DG: When it comes to movies, word-of-mouth has always been a key factor in success. Hollywood has always found innovative ways to combine creativity and distribution to build buzz around a film. Viral video isn't that different. It's about creating exciting, engaging, thought-provoking content, then using innovative social distribution tactics to get people to share this content with friends.
Hollywood understands perhaps better than any other sector that people embrace and share content, not ads. The old-fashioned movie trailer is actually a pre-cursor to viral video. People have been sharing movie trailers online before the term "viral video" even existed, and trailers are shared more than twice as often as other video content! Now Hollywood is leveraging this huge head start to create specific videos to boost movie buzz before and during a film release.
Hollywood really gets the idea that great content gets shared. They start with creating gripping content, such as a trailer, then devise a distribution strategy to make sure that content is seen by as many people as possible. In the past decade, they've also learned how to distribute trailers online (sometimes "leaking" them) to boost viral sharing.
Hollywood is now getting more sophisticated with trailer marketing, and taking full advantage of the flexibility of social video to distribute "red band" (racy or R-rated) clips, long-form trailers, and subversive, funny, or tangential viral videos that are only lightly connected to a film along with their standard trailers to keep things interesting. This non-standard content actually generates much higher rates of sharing than regular trailers because of the feeling of exclusivity as stand-alone content.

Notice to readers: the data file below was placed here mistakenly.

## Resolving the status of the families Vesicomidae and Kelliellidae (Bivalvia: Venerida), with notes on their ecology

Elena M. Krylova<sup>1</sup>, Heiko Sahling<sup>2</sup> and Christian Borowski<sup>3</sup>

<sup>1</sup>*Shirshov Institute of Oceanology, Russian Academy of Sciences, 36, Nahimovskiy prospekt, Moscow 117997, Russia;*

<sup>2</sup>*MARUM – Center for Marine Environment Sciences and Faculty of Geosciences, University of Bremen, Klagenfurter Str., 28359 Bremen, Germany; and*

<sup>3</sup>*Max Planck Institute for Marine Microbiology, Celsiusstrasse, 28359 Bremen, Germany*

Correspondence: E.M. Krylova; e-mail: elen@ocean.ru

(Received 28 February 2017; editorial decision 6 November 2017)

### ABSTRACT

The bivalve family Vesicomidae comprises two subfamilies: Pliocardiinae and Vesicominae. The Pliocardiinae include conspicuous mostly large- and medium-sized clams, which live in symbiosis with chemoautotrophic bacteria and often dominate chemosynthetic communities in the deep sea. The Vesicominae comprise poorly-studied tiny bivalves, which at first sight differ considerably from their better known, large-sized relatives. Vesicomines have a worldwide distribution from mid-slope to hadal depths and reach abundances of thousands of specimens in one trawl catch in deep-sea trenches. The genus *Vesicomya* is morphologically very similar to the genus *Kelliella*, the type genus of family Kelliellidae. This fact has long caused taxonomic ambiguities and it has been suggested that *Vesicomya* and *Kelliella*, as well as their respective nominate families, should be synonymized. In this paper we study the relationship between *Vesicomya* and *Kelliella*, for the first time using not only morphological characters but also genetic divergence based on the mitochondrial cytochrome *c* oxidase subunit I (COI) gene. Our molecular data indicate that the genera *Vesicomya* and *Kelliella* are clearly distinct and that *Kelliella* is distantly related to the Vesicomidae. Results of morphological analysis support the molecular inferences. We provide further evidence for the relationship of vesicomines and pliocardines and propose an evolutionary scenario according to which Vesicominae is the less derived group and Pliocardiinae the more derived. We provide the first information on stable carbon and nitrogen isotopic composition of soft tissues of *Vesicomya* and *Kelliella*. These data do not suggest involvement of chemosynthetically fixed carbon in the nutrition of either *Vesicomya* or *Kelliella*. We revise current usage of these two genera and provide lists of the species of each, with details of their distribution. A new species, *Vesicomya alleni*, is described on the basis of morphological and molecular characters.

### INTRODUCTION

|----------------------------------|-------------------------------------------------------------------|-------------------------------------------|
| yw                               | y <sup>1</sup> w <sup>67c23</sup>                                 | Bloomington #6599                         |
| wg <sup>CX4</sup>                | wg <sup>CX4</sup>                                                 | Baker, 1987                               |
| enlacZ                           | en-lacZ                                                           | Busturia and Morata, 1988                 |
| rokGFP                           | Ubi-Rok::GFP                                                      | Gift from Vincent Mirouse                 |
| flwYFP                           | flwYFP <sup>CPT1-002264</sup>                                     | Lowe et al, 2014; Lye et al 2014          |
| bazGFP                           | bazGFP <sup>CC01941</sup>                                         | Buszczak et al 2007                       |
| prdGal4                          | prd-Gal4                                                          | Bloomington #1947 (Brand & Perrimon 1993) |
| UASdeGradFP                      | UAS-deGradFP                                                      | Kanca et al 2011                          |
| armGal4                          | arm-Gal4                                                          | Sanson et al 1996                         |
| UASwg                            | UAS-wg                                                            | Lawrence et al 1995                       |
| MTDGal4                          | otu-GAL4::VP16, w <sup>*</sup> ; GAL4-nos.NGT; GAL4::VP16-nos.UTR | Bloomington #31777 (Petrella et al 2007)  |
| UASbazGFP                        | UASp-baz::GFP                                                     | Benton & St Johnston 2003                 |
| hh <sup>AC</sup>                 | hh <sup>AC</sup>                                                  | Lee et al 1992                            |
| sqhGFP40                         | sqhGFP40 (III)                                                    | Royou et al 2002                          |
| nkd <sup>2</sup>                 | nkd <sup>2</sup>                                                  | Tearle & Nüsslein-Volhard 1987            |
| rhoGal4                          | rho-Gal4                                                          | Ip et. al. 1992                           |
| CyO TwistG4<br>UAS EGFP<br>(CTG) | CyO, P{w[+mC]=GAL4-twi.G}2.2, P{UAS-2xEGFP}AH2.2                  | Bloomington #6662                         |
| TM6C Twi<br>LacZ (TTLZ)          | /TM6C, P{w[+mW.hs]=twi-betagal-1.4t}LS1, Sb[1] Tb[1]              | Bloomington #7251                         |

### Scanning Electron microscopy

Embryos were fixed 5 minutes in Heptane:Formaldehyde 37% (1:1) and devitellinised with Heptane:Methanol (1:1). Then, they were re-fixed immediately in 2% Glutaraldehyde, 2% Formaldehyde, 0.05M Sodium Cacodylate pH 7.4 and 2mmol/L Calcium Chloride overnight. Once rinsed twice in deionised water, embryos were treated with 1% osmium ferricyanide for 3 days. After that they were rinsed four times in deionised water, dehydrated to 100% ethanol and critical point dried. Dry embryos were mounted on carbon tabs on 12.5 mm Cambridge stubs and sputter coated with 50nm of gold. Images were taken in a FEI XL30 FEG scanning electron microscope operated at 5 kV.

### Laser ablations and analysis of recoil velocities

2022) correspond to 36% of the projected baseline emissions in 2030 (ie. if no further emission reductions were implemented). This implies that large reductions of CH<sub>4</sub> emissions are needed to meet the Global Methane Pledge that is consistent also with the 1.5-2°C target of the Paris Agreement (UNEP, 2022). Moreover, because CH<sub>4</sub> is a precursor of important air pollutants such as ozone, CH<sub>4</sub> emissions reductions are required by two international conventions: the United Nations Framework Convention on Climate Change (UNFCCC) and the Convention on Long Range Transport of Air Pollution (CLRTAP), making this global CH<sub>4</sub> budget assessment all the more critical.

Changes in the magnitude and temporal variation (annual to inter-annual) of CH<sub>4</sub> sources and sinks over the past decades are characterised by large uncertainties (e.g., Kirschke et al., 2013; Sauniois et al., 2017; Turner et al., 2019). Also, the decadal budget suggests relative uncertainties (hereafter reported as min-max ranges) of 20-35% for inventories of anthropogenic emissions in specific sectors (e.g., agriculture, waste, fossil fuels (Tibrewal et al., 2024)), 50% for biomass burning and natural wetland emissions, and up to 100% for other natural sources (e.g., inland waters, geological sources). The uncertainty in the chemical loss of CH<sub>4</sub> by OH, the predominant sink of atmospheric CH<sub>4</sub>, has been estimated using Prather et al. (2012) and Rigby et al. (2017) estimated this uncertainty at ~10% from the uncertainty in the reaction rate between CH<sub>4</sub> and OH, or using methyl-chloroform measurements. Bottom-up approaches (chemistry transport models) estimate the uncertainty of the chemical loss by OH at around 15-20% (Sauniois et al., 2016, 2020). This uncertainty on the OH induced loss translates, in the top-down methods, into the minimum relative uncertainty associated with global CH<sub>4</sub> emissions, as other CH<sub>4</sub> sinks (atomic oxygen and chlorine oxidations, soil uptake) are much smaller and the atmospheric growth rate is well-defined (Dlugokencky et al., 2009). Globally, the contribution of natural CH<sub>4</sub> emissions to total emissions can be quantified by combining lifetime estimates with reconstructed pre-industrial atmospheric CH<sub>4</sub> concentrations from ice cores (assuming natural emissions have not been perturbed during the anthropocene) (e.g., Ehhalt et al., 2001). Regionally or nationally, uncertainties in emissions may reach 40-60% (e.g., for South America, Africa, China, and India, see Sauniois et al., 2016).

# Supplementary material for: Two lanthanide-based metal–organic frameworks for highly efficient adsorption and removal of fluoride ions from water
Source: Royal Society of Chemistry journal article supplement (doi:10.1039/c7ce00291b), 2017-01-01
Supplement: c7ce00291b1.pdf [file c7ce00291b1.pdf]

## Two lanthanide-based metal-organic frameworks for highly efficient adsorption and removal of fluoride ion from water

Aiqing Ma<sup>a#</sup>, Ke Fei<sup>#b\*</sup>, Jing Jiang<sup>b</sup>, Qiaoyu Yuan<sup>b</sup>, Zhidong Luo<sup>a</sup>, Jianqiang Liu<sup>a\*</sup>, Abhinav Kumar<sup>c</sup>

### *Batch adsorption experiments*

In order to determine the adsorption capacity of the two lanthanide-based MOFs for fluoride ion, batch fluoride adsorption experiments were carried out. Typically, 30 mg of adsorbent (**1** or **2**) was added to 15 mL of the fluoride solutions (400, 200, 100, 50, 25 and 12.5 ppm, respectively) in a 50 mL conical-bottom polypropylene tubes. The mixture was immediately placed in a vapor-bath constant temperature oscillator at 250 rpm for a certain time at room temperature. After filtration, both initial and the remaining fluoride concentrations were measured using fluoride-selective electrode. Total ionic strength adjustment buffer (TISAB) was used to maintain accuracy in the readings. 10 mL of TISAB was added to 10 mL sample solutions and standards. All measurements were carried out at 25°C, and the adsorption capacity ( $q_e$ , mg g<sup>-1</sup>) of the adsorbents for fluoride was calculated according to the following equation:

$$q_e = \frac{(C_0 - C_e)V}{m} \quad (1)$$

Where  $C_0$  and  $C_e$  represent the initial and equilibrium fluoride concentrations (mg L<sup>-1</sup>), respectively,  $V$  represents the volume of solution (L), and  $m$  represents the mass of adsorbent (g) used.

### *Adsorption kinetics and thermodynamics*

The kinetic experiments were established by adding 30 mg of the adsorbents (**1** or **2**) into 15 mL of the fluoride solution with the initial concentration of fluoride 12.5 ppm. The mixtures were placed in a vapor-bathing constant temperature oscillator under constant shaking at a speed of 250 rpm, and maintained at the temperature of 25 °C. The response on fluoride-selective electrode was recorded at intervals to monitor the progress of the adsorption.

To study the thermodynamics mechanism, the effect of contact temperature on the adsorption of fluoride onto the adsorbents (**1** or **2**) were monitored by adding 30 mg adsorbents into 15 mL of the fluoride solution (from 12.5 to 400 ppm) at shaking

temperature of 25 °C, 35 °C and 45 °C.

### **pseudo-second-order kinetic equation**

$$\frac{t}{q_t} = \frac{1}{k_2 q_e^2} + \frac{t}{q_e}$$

Movie marketers are also taking steps to distribute videos to a social audience - the people most likely to watch and share their content. For example, Hollywood was among the first to test drive distribution of movie trailers into social games on Facebook. Movie marketers are also trailblazing trans-media distribution across tablets, mobile apps, video games, e-books and e-comic books, and other related online media.
MG: What do you see coming down the pike from Hollywood?
DG: Hollywood is already doing interesting work in measuring the impact of viral video. They are using advanced analytics to measure the reach and sharing patterns of video trailers among different demographics, then using this data to understand demographics and potential markets where they should first release films.
Movie marketers were also among the first to measure social video metrics such as "sharethrough rate" -- which measures the rate at which a video is shared -- in order to quantify viral success. By measuring sharethrough rates, movie studios can better understand which trailers to use for online advertising campaigns targeted to specific demographics; which demographics to include in campaign targeting; and even which potential markets hold the most potential for high ticket sales.
MG: What are some recent examples of innovative campaigns?
DG: We loved Disney's short original video they produced to promote the new Muppets movie Green With Envy that is a parody of The Hangover II -- this is a great example of moving away from traditional trailers to more original content.
Another great example of non-standard content is the interactive YouTube video page for Kung Fu Panda 2 that features a mix of videos of Jack Black and the animated main character, Po.
We also think the promotion for Super 8 has really taken things to another level. For example, they actually placed an interactive video ad for the movie as a playable level inside of the video game, Portal 2. Look for more of this type of social video integration in the future, both on console games as well as inside social games on Facebook.
If you want to find out more about viral videos and how you can use them in your business and leadership, Dan is presenting a two-hour workshop on making videos go viral on June 22nd at the Cannes Lions conference. This is a fascinating subject that is definitely key to a successful future.